If you've been reading this blog for any period of time, you know that Jane and I are advocates of a vegan diet for a whole bunch of different reasons.We've been eating this way for almost two years, and at this point, we don't expect we'd ever go back to eating meat or dairy.
Having said that, I also believe vegan-eating may not be right for everyone. Just as there are people who cannot digest gluten, or those who cannot digest lactose, there may be people who don't thrive on a vegan diet. I'm not a nutritionist, dietitian, physician...
Yesterday, I stumbled across an article in the Times Online in which the author, Tessa Williams, a strict-vegetarian of 25 years, outs herself as a new-found carnivore.
I am not the only staunch veggie to give up a lifetime devotion to pulses and tofu in the past year. The Food Standards Agency in Britain states that the number of people eating a partly or completely veggie diet fell from 9 per cent in 2007 to 7 per cent in 2008. However, we are, on average, eating less meat per head, as Su Taylor from the Vegetarian Society points out. “In 2006 the average person consumed 74.3kg. In 2007 that figure was 74kg - only a slight reduction, but a downward trend. People are realising that plant-based diets are better for the environment.”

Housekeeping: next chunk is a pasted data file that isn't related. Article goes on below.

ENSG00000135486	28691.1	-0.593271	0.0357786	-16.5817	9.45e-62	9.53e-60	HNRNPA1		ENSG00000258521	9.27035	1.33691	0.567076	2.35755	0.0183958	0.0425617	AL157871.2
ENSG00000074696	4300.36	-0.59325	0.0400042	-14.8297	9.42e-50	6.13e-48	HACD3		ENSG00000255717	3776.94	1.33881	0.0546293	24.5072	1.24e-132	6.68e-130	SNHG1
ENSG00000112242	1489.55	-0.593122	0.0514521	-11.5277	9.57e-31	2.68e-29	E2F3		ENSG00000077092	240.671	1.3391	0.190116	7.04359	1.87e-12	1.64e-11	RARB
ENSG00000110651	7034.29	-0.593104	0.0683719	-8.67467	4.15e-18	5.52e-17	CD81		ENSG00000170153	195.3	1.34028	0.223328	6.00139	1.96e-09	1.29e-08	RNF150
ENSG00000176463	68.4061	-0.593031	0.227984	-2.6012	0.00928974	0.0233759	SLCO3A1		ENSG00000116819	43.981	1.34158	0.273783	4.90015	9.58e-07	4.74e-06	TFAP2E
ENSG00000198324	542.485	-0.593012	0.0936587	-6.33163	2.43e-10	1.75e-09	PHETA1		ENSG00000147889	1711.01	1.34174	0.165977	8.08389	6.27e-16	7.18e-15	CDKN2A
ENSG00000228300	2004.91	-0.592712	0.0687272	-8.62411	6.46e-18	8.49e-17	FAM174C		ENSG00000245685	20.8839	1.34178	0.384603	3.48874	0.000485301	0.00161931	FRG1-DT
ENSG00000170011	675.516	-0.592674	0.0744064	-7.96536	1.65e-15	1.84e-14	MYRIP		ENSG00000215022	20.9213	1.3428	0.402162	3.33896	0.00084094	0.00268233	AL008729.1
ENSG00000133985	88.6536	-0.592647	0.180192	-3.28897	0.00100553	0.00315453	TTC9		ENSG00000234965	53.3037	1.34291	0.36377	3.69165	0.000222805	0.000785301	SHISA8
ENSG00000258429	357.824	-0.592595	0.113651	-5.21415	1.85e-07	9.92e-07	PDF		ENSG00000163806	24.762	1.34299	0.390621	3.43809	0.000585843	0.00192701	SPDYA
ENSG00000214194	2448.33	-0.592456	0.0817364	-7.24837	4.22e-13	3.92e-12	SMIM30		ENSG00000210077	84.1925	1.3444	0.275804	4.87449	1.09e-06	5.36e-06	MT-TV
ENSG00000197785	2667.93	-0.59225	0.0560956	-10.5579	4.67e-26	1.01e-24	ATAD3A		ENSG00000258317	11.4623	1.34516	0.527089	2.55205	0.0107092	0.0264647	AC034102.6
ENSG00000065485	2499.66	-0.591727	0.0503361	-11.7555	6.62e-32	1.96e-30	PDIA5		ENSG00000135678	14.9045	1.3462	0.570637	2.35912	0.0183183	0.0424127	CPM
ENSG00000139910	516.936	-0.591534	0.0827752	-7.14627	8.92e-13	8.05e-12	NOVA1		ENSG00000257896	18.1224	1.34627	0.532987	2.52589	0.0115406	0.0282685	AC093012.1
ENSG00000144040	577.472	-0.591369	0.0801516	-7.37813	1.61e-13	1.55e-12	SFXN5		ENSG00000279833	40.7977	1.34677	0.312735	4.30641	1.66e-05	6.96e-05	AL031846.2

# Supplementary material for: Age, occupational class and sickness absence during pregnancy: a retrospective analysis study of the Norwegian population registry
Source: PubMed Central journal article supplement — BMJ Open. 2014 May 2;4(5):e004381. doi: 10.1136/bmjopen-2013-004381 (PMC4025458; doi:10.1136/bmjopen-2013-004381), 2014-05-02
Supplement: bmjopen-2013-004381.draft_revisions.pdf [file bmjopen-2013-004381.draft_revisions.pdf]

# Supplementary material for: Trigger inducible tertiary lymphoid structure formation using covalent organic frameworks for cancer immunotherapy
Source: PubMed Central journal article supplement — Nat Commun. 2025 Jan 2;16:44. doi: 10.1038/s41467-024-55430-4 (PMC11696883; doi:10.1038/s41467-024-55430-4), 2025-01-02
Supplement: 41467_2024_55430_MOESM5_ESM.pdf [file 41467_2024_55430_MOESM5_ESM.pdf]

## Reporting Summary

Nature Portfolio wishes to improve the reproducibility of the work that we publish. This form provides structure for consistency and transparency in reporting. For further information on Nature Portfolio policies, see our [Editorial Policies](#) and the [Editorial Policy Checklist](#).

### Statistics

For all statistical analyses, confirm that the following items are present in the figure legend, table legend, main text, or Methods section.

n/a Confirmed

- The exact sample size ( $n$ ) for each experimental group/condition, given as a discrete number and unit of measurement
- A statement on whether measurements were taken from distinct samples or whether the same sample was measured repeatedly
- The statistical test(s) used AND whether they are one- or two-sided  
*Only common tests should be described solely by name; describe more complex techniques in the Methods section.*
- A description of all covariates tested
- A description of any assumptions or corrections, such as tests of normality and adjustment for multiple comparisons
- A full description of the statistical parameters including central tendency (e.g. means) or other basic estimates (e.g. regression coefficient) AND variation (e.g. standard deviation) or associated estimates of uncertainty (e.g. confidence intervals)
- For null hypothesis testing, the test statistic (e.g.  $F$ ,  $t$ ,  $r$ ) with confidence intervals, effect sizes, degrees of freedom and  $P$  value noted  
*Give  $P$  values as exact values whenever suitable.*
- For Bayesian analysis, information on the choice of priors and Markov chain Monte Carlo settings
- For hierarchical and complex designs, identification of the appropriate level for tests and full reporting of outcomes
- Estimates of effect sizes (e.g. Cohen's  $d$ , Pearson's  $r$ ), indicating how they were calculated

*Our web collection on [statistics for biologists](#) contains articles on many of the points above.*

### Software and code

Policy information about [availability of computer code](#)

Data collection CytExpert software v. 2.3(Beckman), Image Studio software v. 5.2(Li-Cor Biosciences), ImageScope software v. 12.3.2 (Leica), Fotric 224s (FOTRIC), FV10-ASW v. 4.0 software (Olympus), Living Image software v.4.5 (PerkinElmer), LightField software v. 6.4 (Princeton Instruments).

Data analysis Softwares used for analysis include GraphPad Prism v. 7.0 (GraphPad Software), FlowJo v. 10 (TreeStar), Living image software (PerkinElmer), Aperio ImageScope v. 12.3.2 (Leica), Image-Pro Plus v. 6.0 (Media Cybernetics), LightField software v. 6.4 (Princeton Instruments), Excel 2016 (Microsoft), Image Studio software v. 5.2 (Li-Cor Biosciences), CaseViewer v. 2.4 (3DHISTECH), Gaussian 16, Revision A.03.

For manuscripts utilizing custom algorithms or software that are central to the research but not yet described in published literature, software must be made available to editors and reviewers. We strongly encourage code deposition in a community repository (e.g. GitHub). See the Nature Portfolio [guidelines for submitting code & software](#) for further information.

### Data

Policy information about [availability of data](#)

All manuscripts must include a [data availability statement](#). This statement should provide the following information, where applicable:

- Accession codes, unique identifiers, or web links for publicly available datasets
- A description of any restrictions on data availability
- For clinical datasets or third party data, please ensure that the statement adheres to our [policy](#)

Remember Proposition 2, The Farm Animal Treatment proposition which passed here in California this past November? (The proposition deals with three types of confinement: veal crates, battery cages, and sow gestation crates.) One of the biggest concerns I heard people voice about Prop 2 was that it would appease people's guilt over eating meat. Ms. Williams comments seem to bear that thinking out... "Healthy and natural" gives an implicit stamp of approval too.
I see my decision to return to meat as part of a bigger change in Britain's food culture. We've shifted away from the old-school “meat is murder” approach, and now well-sourced meat is seen as healthy and natural.
Anyway, if you'd like to read about Ms. Williams conversion, here's a link to her story.